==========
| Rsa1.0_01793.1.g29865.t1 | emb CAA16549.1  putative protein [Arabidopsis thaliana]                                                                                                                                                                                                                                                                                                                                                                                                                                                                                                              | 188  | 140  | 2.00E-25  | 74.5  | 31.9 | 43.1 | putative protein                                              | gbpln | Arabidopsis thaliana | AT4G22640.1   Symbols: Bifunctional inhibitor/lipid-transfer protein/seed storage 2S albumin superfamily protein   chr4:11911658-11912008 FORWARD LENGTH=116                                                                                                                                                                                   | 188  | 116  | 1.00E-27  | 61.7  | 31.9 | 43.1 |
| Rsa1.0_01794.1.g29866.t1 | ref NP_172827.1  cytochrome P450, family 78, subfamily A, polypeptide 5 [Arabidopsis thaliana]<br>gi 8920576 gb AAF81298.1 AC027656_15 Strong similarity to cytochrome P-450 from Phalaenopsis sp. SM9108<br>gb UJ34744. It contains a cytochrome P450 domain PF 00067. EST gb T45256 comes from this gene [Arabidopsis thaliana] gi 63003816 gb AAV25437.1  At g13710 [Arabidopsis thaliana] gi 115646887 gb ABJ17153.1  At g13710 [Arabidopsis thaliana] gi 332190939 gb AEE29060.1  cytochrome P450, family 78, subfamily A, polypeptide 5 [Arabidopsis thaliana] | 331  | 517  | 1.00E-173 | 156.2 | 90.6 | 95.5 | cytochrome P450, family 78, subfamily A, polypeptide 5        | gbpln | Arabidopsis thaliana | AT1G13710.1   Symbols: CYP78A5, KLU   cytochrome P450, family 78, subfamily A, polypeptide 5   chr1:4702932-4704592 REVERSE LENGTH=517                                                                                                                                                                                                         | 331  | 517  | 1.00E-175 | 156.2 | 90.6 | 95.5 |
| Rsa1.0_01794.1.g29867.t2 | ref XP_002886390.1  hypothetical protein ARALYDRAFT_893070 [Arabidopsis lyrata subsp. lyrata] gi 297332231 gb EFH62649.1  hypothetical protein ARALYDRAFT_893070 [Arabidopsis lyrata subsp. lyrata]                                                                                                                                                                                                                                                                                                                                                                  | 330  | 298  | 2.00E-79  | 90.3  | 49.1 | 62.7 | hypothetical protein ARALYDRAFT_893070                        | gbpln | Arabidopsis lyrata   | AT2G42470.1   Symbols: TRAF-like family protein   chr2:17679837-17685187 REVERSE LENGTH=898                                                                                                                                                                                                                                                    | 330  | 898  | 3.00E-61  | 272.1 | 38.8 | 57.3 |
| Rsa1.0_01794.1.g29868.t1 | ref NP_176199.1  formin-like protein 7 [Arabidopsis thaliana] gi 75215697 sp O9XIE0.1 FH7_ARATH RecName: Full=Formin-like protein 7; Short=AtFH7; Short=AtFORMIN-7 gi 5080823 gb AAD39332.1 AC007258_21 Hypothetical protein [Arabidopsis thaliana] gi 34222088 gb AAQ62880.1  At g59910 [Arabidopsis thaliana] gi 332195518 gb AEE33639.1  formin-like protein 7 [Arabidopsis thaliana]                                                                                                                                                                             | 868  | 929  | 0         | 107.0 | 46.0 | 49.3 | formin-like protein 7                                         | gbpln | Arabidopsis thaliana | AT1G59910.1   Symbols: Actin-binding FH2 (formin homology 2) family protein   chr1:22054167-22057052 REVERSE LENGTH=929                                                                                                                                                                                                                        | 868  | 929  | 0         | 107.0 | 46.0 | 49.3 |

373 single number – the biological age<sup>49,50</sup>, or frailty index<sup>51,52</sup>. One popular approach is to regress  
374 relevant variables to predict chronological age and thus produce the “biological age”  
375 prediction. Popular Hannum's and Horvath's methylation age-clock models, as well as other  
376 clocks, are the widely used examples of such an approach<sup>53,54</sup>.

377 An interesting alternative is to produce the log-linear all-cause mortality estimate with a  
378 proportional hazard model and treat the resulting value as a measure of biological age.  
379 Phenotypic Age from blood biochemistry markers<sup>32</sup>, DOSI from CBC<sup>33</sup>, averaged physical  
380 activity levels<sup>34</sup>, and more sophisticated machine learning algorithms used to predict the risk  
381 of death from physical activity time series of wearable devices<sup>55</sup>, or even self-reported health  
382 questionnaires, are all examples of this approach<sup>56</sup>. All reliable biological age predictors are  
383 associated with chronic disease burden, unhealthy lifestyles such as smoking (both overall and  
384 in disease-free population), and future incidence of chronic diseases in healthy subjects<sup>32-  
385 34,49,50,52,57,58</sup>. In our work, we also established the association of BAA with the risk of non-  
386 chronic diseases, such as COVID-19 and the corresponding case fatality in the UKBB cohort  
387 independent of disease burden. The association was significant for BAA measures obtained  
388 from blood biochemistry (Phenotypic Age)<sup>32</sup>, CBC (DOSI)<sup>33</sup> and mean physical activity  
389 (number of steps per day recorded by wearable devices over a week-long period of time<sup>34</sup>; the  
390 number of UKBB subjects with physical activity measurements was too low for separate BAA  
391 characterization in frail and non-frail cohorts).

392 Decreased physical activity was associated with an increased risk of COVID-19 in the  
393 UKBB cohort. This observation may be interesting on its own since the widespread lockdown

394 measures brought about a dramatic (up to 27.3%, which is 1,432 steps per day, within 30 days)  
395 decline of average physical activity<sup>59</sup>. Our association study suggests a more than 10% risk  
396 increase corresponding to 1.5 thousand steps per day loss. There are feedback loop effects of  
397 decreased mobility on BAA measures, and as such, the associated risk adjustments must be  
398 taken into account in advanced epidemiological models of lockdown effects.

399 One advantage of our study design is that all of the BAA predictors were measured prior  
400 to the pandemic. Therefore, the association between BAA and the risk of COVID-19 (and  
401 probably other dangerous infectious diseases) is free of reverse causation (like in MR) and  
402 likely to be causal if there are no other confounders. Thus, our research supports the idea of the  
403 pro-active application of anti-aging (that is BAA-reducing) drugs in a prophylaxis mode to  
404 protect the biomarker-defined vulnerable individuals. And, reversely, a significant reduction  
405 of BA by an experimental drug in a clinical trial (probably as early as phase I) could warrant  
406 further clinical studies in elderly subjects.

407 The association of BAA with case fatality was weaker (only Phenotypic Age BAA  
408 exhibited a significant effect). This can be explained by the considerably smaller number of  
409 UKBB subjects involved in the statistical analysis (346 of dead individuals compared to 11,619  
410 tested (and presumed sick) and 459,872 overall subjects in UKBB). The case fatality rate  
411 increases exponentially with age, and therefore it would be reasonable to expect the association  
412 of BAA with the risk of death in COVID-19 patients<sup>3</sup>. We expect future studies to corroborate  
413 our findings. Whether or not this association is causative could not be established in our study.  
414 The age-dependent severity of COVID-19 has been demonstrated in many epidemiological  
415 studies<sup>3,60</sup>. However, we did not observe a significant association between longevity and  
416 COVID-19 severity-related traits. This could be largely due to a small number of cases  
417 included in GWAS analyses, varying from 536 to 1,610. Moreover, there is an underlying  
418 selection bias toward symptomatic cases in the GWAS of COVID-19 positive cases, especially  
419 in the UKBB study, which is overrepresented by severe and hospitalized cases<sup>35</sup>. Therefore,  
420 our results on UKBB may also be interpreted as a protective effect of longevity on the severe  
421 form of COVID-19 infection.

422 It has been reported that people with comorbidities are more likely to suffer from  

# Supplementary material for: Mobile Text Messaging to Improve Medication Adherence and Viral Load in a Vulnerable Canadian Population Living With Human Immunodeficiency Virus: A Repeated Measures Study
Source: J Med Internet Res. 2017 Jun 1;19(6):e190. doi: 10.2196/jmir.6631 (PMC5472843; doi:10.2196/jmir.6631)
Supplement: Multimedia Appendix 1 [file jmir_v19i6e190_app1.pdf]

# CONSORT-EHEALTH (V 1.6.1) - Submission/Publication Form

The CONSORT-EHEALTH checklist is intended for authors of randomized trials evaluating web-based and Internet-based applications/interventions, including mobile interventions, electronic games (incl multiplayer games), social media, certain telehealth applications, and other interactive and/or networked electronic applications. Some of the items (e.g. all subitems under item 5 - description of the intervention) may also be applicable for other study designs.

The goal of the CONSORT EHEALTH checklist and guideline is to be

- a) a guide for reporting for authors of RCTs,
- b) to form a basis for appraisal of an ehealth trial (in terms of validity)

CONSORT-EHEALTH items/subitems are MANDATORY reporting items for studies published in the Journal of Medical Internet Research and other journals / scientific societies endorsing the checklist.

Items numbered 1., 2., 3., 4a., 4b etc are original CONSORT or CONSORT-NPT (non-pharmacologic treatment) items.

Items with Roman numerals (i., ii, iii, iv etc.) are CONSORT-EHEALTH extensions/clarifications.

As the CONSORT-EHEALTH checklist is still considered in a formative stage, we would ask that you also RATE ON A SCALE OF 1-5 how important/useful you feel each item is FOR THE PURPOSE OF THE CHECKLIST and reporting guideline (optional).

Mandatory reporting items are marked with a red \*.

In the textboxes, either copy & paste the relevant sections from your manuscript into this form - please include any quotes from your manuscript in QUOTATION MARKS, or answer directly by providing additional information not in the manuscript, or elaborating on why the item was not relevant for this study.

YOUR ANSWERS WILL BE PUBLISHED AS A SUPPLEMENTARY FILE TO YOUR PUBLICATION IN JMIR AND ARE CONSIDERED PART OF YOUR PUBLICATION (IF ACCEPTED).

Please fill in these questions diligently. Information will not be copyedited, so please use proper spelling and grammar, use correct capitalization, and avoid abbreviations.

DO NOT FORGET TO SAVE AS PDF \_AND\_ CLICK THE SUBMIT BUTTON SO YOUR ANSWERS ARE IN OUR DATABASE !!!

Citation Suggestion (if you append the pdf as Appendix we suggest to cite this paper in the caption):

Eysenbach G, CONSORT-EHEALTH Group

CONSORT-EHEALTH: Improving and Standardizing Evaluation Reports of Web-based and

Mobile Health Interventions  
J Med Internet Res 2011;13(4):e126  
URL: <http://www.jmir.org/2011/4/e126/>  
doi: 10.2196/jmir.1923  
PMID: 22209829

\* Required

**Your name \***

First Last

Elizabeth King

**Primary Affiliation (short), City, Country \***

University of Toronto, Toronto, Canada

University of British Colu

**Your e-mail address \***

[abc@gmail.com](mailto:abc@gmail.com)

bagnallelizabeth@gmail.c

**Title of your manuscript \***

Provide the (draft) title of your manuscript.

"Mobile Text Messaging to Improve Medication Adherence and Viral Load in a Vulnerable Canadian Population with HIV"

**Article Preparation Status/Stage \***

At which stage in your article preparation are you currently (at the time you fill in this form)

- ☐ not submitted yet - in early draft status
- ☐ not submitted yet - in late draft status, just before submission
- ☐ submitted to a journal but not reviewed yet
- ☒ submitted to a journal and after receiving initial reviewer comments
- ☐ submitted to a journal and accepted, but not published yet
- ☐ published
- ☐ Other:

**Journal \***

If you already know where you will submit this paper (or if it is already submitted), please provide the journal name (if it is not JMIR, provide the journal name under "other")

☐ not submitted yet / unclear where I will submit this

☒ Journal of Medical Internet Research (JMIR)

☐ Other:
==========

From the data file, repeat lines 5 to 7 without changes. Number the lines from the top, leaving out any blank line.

373 single number – the biological age<sup>49,50</sup>, or frailty index<sup>51,52</sup>. One popular approach is to regress  
374 relevant variables to predict chronological age and thus produce the “biological age”  
375 prediction. Popular Hannum's and Horvath's methylation age-clock models, as well as other  